- Intro to logarithm properties (1 of 2)
- Intro to logarithm properties (2 of 2)
- Intro to logarithm properties
- Using the logarithmic product rule
- Using the logarithmic power rule
- Use the properties of logarithms
- Using the properties of logarithms: multiple steps
- Proof of the logarithm product rule
- Proof of the logarithm quotient and power rules
- Justifying the logarithm properties
Sal introduces the logarithm identities for multiplication of logarithm by a constant, and the change of base rule. Created by Sal Khan.
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- At the very end of the video, how did you get 5/2 from "1/2 log base 2 of 32"? And how did you get 3/4 from "1/4 log base 2 of 8"?(89 votes)
- The expression "log base 2 of 32" is equal to 5 (because 2 to the 5th power equals 32).. Sal didn't write that step but then he just multiplied 5 * 1/2 to get 5/2. He the did the same thing to get 3/4 from "1/4 log base 2 of 8"... (2 raised to the 3rd power = 8, so log base 2 of 8 = 3)... then he just multiplied 3 * 1/4 to get 3/4. Hope that helps a bit! Logs took me a while to understand, but after some practice they're not so bad.(155 votes)
- I don't quite understand this part though, but anyway where did you get the 1/2 from at8:15???(21 votes)
- Hey, Rizky. He got the 1/2 because that's one of the rules. If you have a square root, you can get rid of the radical sign and make it a power of 1/2. So, that's all he did was raise the quantity under the sign to 1/2 power and got rid of the square root sign. This works for all roots. If it was a cubed root, we could get rid of the sign and raise the quantity to 1/3 power. If it was a fourth root, we could get rid of the sign and raise the quantity to 1/4 power and so on.(48 votes)
- The exercise "Logarithms 2" is asking me to find log(3) + log(5).
This confuses me because there's no number above them, and because they have different bases. Can someone please explain to me why this is?(26 votes)
- Hello Meredith. When "log" is written without subscripts (little numbers below the word log) it is assumed to be base 10. The 10 is left out. (Like the positive sign in positive numbers). So here you are adding two logarithms with base 10. As Sal explains log(a)+log(b) = log (a times b). The answer here is log(15).(2 votes)
- I must have missed a lesson somewhere along the line, why is it that the fraction, 32 over the square root of 8, is formed into a subtraction question not a division question?(13 votes)
- 2*2*2*2*2*2*2*2*2*2 divided by
Five of the twos cancel each other, leaving five twos remaining in the numerator. Hence, 2^10 / 2^5 = 2^(10-5) = 2^5
Hope this helps explain that exponent rule.(15 votes)
- I hate memorizing. I love understanding. Please someone help me understand how did the exponent convert into a coefficient, and vice-versa. Thanks(11 votes)
- log_b (x^e) = y [Let]
So, x^e = b^y
So, (x^e)^(1/e) = (b^y)^(1/e) = b^(y/e)
So, x = b^(y/e)
So, log_b (x) = y/e
So, e log_b (x) = y = log_b (x^e)
This is the formal proof.
Taking a simpler example using a previously learnt property,
= log_b (x.x.x.x.x) = log_b (x) + log_b (x) + log_b (x) + log_b (x) + log_b (x)
= 5 log_b (x)
and 5 is the original exponent of x. Hence proved.(9 votes)
- I lost him where he appears to have reduced 1/2log2,32 to 5/2, at9:51. Help.(5 votes)
- This is because the 1/2 cancels out the outer square root, but it doesn't affect the square root of 8 because the 8 is a square root inside the outer square root.(0 votes)
- At4:39, what does C stand for?
Those are awesome videos. Keep making more.(6 votes)
- also, do we always assume that "C" in the 2nd property of this video will be base 10 or can we just throw any number in for "C"?(5 votes)
- It can be any number however if you have a calculator it will have a log base 10 button built in which makes using 10 as C easier.(3 votes)
- how to solve: log base 3 of 9x^4 - log base 3 of (3x)^2(3 votes)
- Firstly, you cannot solve an expression, but you can simplify it like this:
log base 3 of 9x^4 - log base 3 of 9x^2 =
log base 3 of (9x^4/9x^2) =
log base 3 of (x^4/x^2) =
log base 3 of (x^2)(6 votes)
- hmmm... this might be a wee obvious but i cannae say im sure, at "9:38" (after Sal wrote 1/2 log2 32 -[minus]) where does he gets the 1/4 from???? one step above he had 1/2 log2 8... anyone? takk.(1 vote)
- He was distributing the 1/2 that was outside the parentheses to the two logs inside the parentheses, kind of like if you have 1/2(A - 1/2B); then if you distribute the 1/2 inside the parentheses, you take 1/2 times A and you get 1/2A, and then you take 1/2 times 1/2B, which equals 1/4B (1/2 X 1/2 = 1/4). Using the distribution property gets you 1/2A - 1/4B in the case of my problem.
Hope that isn't too confusing.(3 votes)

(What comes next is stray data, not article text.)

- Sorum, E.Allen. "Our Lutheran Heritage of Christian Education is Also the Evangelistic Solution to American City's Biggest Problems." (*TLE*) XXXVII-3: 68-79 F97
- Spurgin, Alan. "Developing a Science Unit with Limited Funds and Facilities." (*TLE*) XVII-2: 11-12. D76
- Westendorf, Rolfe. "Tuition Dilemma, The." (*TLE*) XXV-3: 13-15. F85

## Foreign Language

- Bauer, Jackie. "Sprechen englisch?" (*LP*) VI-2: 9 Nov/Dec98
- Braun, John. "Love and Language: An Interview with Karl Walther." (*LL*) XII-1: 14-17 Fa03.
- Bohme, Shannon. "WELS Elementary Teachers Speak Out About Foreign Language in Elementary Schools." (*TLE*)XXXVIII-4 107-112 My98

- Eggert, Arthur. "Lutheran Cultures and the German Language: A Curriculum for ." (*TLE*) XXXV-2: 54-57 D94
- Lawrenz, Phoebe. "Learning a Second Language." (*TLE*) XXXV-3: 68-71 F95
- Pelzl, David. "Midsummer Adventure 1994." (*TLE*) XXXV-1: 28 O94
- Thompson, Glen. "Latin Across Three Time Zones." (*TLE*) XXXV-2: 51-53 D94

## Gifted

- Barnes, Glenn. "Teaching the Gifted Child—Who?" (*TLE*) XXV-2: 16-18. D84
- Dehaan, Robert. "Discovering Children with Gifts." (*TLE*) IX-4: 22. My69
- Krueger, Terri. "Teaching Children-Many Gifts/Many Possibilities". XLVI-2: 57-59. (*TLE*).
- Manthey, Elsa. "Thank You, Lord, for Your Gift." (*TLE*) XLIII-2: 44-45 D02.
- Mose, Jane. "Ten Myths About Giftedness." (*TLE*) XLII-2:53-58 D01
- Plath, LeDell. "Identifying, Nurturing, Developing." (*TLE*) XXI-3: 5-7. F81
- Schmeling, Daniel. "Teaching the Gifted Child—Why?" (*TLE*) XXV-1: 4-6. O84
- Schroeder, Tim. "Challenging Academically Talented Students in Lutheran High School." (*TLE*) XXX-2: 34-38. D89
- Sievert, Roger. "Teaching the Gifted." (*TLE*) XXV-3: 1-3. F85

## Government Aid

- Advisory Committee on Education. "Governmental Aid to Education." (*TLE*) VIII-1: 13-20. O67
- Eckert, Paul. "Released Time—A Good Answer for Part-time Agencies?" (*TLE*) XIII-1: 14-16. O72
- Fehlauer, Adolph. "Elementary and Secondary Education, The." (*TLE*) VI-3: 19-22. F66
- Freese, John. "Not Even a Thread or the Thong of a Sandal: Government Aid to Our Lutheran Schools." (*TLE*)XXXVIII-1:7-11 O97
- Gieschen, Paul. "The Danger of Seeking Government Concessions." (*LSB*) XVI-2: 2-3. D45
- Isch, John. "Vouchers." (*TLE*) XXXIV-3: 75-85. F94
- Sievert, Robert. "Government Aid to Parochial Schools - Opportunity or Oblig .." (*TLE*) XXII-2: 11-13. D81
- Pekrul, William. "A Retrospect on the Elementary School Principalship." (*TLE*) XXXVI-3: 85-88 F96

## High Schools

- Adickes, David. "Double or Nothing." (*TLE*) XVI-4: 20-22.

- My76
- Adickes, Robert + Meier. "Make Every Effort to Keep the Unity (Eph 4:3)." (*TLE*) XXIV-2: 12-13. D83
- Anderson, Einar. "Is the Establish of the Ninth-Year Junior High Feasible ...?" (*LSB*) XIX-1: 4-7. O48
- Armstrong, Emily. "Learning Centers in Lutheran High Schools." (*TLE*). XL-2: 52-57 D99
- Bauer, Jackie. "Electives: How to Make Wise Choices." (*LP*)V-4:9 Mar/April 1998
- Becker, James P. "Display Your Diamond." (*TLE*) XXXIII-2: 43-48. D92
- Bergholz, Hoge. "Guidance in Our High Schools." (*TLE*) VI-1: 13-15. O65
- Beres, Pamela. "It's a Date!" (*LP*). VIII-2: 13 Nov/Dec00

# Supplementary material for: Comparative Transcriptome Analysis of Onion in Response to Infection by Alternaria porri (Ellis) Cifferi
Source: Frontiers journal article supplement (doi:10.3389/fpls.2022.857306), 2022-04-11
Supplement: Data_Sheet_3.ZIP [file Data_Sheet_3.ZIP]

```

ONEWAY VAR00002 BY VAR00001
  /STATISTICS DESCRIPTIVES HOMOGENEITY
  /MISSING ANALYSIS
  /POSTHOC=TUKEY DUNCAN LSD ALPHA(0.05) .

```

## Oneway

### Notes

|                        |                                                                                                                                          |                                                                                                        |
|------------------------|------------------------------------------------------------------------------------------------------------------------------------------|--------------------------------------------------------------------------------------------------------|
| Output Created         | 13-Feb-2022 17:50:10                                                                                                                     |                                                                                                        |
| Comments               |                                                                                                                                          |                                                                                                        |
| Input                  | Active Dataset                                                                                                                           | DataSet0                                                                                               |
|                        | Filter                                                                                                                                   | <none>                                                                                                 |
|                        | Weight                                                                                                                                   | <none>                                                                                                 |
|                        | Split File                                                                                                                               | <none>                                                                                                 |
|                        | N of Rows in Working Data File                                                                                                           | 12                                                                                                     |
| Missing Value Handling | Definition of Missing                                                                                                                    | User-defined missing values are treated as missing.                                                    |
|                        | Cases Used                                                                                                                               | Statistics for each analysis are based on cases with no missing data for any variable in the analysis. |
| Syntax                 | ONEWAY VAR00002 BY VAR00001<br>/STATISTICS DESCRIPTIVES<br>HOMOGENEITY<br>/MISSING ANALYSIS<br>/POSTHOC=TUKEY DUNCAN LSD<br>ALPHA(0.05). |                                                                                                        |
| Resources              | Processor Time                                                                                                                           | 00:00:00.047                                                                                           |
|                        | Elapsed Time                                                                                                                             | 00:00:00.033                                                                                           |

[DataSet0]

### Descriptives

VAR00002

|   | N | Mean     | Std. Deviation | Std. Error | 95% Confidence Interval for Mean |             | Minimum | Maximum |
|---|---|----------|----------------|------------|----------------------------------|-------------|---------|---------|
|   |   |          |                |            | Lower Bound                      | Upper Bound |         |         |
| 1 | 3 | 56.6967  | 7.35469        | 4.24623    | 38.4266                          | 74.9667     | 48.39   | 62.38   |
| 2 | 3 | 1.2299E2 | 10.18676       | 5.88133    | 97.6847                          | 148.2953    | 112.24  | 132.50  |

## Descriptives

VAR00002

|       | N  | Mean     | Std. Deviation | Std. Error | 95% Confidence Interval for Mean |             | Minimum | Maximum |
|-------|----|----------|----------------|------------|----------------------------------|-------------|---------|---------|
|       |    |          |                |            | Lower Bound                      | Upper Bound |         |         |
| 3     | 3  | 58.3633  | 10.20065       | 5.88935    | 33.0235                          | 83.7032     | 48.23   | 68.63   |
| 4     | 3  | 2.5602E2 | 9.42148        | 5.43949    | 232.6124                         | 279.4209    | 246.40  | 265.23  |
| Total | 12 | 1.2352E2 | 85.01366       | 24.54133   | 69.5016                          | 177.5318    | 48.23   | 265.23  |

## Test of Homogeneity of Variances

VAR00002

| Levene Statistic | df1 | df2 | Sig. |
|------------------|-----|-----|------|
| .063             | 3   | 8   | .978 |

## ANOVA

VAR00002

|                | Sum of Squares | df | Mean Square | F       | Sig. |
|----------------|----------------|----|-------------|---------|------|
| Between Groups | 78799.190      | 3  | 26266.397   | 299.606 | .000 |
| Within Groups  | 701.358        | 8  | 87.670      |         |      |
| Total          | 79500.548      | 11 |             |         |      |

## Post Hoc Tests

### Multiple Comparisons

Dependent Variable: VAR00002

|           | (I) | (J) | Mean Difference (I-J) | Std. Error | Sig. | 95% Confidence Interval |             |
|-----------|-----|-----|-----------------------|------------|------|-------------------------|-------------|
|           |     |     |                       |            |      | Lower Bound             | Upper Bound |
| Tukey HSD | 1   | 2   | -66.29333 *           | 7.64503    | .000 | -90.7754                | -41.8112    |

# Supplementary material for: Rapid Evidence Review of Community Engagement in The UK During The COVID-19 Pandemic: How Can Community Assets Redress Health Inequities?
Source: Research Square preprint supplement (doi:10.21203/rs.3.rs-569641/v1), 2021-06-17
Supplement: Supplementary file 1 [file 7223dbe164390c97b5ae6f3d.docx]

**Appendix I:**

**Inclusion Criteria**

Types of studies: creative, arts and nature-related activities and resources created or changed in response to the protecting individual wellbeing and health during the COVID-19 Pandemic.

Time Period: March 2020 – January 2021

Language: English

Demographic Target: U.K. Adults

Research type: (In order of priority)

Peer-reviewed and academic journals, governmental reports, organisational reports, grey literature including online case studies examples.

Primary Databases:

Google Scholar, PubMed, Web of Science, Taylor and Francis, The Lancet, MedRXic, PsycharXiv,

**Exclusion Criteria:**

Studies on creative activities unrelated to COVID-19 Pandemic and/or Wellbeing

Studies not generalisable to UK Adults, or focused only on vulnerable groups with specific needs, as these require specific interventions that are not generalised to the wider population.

PROFESSOR: Welcome back. I'm going to show you the last two logarithm properties now. So this one-- and I always found this one to be in some ways the most obvious one. But don't feel bad if it's not obvious. Maybe it'll take a little bit of introspection. And I encourage you to really experiment with all these logarithm properties, because that's the only way that you'll really learn them. And the point of math isn't just to pass the next exam, or to get an A on the next exam. The point of math is to understand math so you can actually apply it in life later on and not have to relearn everything every time. So the next logarithm property is, if I have A times the logarithm base B of C, if I have A times this whole thing, that that equals logarithm base B of C to the A power. Fascinating. So let's see if this works out. So let's say if I have 3 times logarithm base 2 of 8. So this property tells us that this is going to be the same thing as logarithm base 2 of 8 to the third power. And that's the same thing. Well, that's the same thing as-- we could figure it out. So let's see what this is. 3 times log base-- what's log base 2 of 8? The reason why I kind of hesitated a second ago is because every time I want to figure something out, I implicitly want to use log and exponential rules to do it. So I'm trying to avoid that. Anyway, going back. What is this? 2 to the what power is 8? 2 to the third power is 8, right? So that's 3. We have this 3 here, so 3 times 3. So this thing right here should equal 9. If this equals 9, then we know that this property works at least for this example. You don't know if it works for all examples, and for that maybe you'd want to look at the proof we have in the other videos. But that's kind of a more advanced topic. But the important thing first is just to understand how to use it. Let's see, what is 2 to the ninth power? Well it's going to be some large number. Actually, I know what it is-- it's 256. Because in the last video we figured out that 2 to the eighth was equal to 256. So 2 to the ninth should be 512. So 2 to the ninth should be 512. So if 8 to the third is also 512 then we are correct, right? Because log base 2 of 512 is going to be equal to 9. What's 8 to the third? It's 64-- right. 8 squared is 64, so 8 cubed-- let's see. 4 times 2 is 3. 6 times 8-- looks like it's 512. Correct. And there's other ways you could have done it. Because you could have said 8 to the third is the same thing as 2 to the ninth. How do we know that? Well, 8 to the third is equal to 2 to the third to the third, right? I just rewrote 8. And we know from our exponent rules that 2 to the third to the third is the same thing as 2 to the ninth. And actually it's this exponent property, where you can multiply-- when you take something to exponent and then take that to an exponent, and you can essentially just multiply the exponents-- that's the exponent property that actually leads to this logarithm property. But I'm not going to dwell on that too much in this presentation. There's a whole video on kind of proving it a little bit more formally. The next logarithm property I'm going to show you-- and then I'll review everything and maybe do some examples. This is probably the single most useful logarithm property if you are a calculator addict. And I'll show you why. So let's say I have log base B of A is equal to log base C of A divided by log base C of B. Now why is this a useful property if you are calculator addict? Well, let's say you go class, and there's a quiz. The teacher says, you can use your calculator, and using your calculator I want you to figure out the log base 17 of 357. And you will scramble and look for the log base 17 button on your calculator, and not find it. Because there is no log base 17 button on your calculator. You'll probably either have a log button or you'll have an ln button. And just so you know, the log button on your calculator is probably base 10. And your ln button on your calculator is going to be base e. For those you who aren't familiar with e, don't worry about it, but it's 2.71 something something. It's a number. It's nothing-- it's an amazing number, but we'll talk more about that in a future presentation. But so there's only two bases you have on your calculator. So if you want to figure out another base logarithm, you use this property. So if you're given this on an exam, you can very confidently say, oh, well that is just the same thing as-- you'd have to switch to your yellow color in order to act with confidence-- log base-- we could do either e or 10. We could say that's the same thing as log base 10 of 357 divided by log base 10 of 17. So you literally could just type in 357 in your calculator and press the log button and you're going to get bada bada bam. Then you can clear it, or if you know how to use the parentheses on your calculator, you could do that. But then you type 17 on your calculator, press the log button, go to bada bada bam. And then you just divide them, and you get your answer. So this is a super useful property for calculator addicts. And once again, I'm not going to go into a lot of depth. This one, to me it's the most useful, but it doesn't completely-- it does fall out of, obviously, the exponent properties. But it's hard for me to describe the intuition simply, so you probably want to watch the proof on it, if you don't believe why this happens. But anyway, with all of those aside, and this is probably the one you're going to be using the most in everyday life. I still use this in my job. Just so you know logarithms are useful. Let's do some examples. Let's just let's just rewrite a bunch of things in simpler forms. So if I wanted to rewrite the log base 2 of the square root of-- let me think of something. Of 32 divided by the cube-- no, I'll just take the square root. Divided by the square root of 8. How can I rewrite this so it's reasonably not messy? Well let's think about this. This is the same thing, this is equal to-- I don't know if I'll move vertically or horizontally. I'll move vertically. This is the same thing as the log base 2 of 32 over the square root of 8 to the 1/2 power, right? And we know from our logarithm properties, the third one we learned, that that is the same thing as 1/2 times the logarithm of 32 divided by the square root of 8, right? I just took the exponent and made that the coefficient on the entire thing. And we learned that in the beginning of this video. And now we have a little quotient here, right? Logarithm of 32 divided by logarithm of square root of 8. Well, we can use our other logarithm-- let's keep the 1/2 out. That's going to equal, parentheses, logarithm-- oh, I forgot my base. Logarithm base 2 of 32 minus, right? Because this is in a quotient. Minus the logarithm base 2 of the square root of 8. Right? Let's see. Well here once again we have a square root here, so we could say this is equal to 1/2 times log base 2 of 32. Minus this 8 to the 1/2, which is the same thing is 1/2 log base 2 of 8. We learned that property in the beginning of this presentation. And then if we want, we can distribute this original 1/2. This equals 1/2 log base 2 of 32 minus 1/4-- because we have to distribute that 1/2-- minus 1/4 log base 2 of 8. This is 5/2 minus, this is 3. 3 times 1/4 minus 3/4. Or 10/4 minus 3/4 is equal to 7/4. I probably made some arithmetic errors, but you get the point. See you soon!